Airlie Beach ultra-distance runner Chris Murphy completed the Run the Great Whitsunday Trail 57.4km race this year.
Airlie Beach ultra-distance runner Chris Murphy completed the Run the Great Whitsunday Trail 57.4km race this year. Contributed

Another Whitsundays run under the belt

POWERING home to shave close to a 10-minute off his personal best time, ultra-distance runner Chris Murphy knows the battles running hours on end will present.

Completing the 57.4km Run the Great Whitsunday Trail course in 6 hours and 36 minutes in warm conditions, Murphy said his race at the weekend threw some challenges his way, despite tackling the course last year.

"I gave up on running about three times during the race," he said.

"I was thinking I was done with running as a sport, but somehow you always find something that gets you to the finish."

The annual event, held on Sunday, hosted 136 keen trail runners for the three distance - 10.5km, 28.7km and 57.4km.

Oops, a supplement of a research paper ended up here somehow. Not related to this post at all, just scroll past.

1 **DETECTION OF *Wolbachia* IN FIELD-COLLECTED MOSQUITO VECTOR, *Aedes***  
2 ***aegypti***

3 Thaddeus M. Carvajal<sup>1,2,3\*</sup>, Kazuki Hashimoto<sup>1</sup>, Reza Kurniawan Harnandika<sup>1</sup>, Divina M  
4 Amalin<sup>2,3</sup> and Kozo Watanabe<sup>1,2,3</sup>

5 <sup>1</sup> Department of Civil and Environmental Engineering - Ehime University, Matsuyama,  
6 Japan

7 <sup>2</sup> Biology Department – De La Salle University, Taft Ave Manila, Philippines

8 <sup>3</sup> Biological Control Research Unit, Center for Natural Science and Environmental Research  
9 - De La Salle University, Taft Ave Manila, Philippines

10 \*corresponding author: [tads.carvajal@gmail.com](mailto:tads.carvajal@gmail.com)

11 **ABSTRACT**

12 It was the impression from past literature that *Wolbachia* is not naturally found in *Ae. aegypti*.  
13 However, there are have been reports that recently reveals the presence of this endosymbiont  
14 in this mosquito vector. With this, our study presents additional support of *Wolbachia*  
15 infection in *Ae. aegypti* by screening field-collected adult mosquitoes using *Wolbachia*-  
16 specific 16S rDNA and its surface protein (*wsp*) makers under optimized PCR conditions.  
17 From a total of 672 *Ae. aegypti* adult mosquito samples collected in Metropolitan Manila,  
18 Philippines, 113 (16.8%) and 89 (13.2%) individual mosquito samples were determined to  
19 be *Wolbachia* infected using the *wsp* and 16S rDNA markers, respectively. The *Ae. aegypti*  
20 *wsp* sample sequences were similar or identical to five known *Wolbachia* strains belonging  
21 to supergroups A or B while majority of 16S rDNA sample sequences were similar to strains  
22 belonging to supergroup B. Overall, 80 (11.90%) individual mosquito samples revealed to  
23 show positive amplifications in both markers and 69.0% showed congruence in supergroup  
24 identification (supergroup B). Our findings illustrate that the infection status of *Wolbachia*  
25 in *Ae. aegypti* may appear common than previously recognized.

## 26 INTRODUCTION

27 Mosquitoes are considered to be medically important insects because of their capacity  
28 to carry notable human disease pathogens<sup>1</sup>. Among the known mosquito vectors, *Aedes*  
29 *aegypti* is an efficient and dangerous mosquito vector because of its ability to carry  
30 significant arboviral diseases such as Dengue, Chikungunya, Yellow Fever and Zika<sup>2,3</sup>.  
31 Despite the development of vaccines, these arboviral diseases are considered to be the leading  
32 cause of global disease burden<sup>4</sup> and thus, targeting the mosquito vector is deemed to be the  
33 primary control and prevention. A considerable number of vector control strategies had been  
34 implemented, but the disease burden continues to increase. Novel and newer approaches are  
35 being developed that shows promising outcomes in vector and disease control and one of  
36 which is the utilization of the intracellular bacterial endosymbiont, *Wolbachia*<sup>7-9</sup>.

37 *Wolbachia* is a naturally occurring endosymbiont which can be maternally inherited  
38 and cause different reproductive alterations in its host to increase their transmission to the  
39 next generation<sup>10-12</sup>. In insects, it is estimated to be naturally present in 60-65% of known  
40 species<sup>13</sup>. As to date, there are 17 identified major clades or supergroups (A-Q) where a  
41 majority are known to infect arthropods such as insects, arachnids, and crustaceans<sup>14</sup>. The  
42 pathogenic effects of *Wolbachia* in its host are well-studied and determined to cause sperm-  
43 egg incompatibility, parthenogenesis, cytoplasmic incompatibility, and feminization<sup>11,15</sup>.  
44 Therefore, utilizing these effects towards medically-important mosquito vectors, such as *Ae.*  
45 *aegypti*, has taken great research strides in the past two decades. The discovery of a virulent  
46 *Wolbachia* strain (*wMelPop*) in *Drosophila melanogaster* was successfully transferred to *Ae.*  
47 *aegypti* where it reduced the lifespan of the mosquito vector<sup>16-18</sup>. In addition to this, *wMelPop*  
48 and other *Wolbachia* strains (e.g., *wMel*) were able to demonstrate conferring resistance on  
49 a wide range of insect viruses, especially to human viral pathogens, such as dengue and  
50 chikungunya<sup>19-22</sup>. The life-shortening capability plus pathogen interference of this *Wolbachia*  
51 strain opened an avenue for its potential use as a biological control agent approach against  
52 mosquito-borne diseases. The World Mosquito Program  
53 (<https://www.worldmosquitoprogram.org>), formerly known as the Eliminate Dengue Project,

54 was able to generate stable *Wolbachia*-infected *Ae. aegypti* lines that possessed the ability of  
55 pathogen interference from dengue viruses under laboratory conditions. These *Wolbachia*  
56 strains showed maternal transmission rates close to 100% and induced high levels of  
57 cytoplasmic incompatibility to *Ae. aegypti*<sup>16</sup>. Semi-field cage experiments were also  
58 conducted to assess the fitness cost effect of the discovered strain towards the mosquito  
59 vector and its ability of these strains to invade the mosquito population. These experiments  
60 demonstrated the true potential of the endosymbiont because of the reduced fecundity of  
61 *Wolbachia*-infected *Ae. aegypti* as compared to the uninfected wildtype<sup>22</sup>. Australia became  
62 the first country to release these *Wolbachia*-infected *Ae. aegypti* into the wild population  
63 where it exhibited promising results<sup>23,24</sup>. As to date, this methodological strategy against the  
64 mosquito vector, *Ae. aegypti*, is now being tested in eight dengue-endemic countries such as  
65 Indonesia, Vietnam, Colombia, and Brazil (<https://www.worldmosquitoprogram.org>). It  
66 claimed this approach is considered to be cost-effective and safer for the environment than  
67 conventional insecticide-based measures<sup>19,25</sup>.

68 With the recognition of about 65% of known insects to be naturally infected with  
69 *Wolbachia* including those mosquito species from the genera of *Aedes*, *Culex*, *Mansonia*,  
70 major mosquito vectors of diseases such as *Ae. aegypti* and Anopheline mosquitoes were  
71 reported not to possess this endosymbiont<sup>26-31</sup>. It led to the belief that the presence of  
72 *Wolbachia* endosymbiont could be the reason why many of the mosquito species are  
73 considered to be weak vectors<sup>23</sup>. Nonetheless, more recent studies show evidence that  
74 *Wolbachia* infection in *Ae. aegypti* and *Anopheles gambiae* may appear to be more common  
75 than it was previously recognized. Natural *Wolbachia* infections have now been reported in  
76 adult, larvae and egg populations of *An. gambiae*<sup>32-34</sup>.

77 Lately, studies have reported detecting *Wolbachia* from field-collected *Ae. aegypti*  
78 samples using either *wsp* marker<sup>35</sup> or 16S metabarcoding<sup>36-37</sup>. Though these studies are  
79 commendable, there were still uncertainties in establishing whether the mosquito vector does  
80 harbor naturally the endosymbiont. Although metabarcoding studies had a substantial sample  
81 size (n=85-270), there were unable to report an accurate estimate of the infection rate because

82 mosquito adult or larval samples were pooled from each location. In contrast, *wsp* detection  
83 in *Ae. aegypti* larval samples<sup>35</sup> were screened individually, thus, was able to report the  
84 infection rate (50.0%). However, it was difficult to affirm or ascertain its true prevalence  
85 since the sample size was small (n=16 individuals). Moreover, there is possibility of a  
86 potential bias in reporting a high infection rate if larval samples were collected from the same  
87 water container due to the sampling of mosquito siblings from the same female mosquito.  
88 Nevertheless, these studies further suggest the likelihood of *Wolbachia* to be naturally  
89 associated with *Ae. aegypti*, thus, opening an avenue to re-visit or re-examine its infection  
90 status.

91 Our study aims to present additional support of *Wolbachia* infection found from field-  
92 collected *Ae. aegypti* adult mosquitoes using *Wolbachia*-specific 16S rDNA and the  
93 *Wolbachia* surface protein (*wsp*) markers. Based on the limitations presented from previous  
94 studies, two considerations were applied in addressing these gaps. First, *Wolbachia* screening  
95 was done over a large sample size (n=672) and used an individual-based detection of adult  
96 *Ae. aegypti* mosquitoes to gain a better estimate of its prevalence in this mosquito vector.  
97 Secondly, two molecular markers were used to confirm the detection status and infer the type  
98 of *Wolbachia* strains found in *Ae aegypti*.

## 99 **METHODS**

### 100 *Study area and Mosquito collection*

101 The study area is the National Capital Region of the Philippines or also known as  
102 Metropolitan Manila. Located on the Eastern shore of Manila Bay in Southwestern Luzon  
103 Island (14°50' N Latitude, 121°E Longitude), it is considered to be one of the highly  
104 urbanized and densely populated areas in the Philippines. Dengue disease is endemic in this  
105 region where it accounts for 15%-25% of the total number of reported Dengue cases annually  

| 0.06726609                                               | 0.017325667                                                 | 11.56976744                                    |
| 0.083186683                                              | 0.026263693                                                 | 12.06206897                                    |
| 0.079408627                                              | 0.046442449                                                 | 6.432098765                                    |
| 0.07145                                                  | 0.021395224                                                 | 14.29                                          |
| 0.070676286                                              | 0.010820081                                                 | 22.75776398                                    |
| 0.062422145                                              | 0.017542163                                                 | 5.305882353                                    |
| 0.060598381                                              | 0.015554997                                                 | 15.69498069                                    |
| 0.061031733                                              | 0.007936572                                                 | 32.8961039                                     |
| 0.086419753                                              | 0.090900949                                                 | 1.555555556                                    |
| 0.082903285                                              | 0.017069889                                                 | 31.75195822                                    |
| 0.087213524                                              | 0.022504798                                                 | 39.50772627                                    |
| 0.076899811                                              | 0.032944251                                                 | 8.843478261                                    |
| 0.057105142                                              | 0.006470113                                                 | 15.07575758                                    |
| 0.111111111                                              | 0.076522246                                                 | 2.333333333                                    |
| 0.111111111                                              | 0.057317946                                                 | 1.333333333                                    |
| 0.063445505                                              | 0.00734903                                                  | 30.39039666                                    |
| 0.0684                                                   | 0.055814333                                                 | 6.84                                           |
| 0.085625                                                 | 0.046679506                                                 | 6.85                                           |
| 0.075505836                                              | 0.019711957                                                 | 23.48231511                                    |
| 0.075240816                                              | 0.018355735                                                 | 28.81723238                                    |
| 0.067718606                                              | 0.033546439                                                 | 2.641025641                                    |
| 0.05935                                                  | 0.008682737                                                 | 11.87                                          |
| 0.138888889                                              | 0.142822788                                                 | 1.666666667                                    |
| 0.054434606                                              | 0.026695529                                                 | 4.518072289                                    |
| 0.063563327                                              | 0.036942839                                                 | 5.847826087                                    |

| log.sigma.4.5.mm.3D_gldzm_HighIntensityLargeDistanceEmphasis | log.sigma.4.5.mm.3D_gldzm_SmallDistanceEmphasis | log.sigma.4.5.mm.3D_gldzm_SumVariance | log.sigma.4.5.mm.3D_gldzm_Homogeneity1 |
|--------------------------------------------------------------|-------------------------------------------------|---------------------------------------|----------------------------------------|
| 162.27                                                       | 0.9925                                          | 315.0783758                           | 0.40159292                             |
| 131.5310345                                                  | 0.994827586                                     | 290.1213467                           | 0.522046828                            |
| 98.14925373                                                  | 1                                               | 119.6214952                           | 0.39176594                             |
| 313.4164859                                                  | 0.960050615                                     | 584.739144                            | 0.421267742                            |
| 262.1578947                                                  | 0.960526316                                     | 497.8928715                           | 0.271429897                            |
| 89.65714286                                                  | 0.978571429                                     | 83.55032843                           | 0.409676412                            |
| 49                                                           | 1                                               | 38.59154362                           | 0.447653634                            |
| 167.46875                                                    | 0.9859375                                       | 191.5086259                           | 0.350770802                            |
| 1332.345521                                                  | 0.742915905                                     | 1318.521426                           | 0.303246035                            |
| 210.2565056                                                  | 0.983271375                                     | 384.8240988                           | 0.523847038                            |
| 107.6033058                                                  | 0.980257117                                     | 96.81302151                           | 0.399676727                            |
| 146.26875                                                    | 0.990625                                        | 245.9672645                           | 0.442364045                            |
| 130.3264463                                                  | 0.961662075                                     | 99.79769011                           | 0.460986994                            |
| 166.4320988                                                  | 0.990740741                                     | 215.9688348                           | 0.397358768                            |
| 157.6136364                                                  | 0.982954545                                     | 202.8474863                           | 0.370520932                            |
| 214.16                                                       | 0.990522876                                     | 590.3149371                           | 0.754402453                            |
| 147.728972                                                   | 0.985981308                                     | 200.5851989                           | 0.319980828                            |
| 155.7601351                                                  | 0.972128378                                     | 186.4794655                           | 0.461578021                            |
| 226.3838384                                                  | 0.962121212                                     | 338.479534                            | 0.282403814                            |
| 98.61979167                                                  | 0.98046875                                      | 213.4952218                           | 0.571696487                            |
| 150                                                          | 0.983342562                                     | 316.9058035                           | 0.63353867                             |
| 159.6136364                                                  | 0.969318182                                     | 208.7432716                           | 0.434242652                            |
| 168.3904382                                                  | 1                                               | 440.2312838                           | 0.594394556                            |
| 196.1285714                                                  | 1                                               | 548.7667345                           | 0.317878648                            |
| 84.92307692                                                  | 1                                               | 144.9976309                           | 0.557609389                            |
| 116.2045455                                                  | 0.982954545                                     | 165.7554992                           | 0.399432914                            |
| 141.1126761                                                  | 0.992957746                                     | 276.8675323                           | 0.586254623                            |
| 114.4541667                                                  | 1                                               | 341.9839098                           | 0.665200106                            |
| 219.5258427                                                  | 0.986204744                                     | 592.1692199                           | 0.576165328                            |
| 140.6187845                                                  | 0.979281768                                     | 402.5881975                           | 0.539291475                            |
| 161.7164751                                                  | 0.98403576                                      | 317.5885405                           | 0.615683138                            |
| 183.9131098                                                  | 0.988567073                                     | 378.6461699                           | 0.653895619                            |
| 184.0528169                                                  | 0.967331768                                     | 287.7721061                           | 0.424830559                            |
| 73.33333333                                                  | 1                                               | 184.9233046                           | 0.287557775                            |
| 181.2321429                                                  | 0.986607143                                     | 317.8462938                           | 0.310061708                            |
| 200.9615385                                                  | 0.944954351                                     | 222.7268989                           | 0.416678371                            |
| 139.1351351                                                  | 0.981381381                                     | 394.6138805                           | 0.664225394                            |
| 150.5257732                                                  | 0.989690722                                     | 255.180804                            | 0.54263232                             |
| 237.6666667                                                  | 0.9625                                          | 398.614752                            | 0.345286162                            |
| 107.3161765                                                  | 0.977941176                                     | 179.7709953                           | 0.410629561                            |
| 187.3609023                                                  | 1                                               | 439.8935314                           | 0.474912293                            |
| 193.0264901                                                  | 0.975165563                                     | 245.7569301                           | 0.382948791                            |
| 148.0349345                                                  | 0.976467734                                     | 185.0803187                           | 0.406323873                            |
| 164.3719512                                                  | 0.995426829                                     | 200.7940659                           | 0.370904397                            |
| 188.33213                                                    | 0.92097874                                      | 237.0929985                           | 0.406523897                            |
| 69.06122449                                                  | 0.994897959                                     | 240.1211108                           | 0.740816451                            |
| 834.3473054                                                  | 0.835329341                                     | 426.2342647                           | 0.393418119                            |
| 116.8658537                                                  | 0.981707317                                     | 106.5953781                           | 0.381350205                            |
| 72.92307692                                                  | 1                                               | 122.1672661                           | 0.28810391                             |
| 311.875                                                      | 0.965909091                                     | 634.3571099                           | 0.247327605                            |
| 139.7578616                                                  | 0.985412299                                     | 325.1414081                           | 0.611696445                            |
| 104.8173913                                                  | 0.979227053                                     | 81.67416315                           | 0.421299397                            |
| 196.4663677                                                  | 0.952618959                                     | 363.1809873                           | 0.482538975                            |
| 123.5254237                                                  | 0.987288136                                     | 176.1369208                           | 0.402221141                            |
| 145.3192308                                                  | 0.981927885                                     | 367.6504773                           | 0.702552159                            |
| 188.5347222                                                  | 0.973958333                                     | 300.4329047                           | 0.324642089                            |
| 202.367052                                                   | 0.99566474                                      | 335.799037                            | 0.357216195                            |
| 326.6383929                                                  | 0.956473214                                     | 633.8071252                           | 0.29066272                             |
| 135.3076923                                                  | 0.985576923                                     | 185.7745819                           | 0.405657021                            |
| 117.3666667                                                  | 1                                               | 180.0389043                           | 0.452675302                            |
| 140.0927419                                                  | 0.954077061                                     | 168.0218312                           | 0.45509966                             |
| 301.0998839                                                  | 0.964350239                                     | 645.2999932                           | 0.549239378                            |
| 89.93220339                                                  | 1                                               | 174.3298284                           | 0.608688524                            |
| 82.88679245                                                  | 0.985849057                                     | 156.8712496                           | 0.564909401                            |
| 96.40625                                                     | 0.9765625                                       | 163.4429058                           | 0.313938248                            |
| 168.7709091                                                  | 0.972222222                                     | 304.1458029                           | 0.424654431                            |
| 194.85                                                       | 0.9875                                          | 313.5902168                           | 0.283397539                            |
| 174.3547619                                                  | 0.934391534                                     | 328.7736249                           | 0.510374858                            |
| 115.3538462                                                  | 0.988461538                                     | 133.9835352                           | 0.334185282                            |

In a 19-strong field, Murphy crossed the finish line in 5th position in the ultra-distance, which was taken out by Townsville runners Sam Heames in the men's and Sonja Schonfeldt-Roy in the women's.

Sarah-Jane Miller impressively took out first place in the 28.7km race, beating first place male Mackay-based runner Brendan Rigley across the line.

Airlie Beach was well represented in the 10.5km Honey Eater event, as Sally Archibald stopped the clock in one hour, 19 minutes and 16 seconds, making her the first female to finish the distance.

Unlikely to find her ever running on the road, fitness fanatic Archibald said running in the mountains is a sport she can get into.

"I don't like running, but trail running I love," she said.

"It's gorgeous here in the Whitsundays, the trails are interesting, and they stop you from thinking about running because you're thinking about not tripping."

Event manager Wendy Downes said once again the event attracted runners from across Australia, and even from New Zealand and Uruguay.

"People love the destination of the Whitsundays and the track is a bit different each year because of our changing climate here," she said.

"This is one of those events where it's a challenging journey but is certainly a happy achievement once you complete it."


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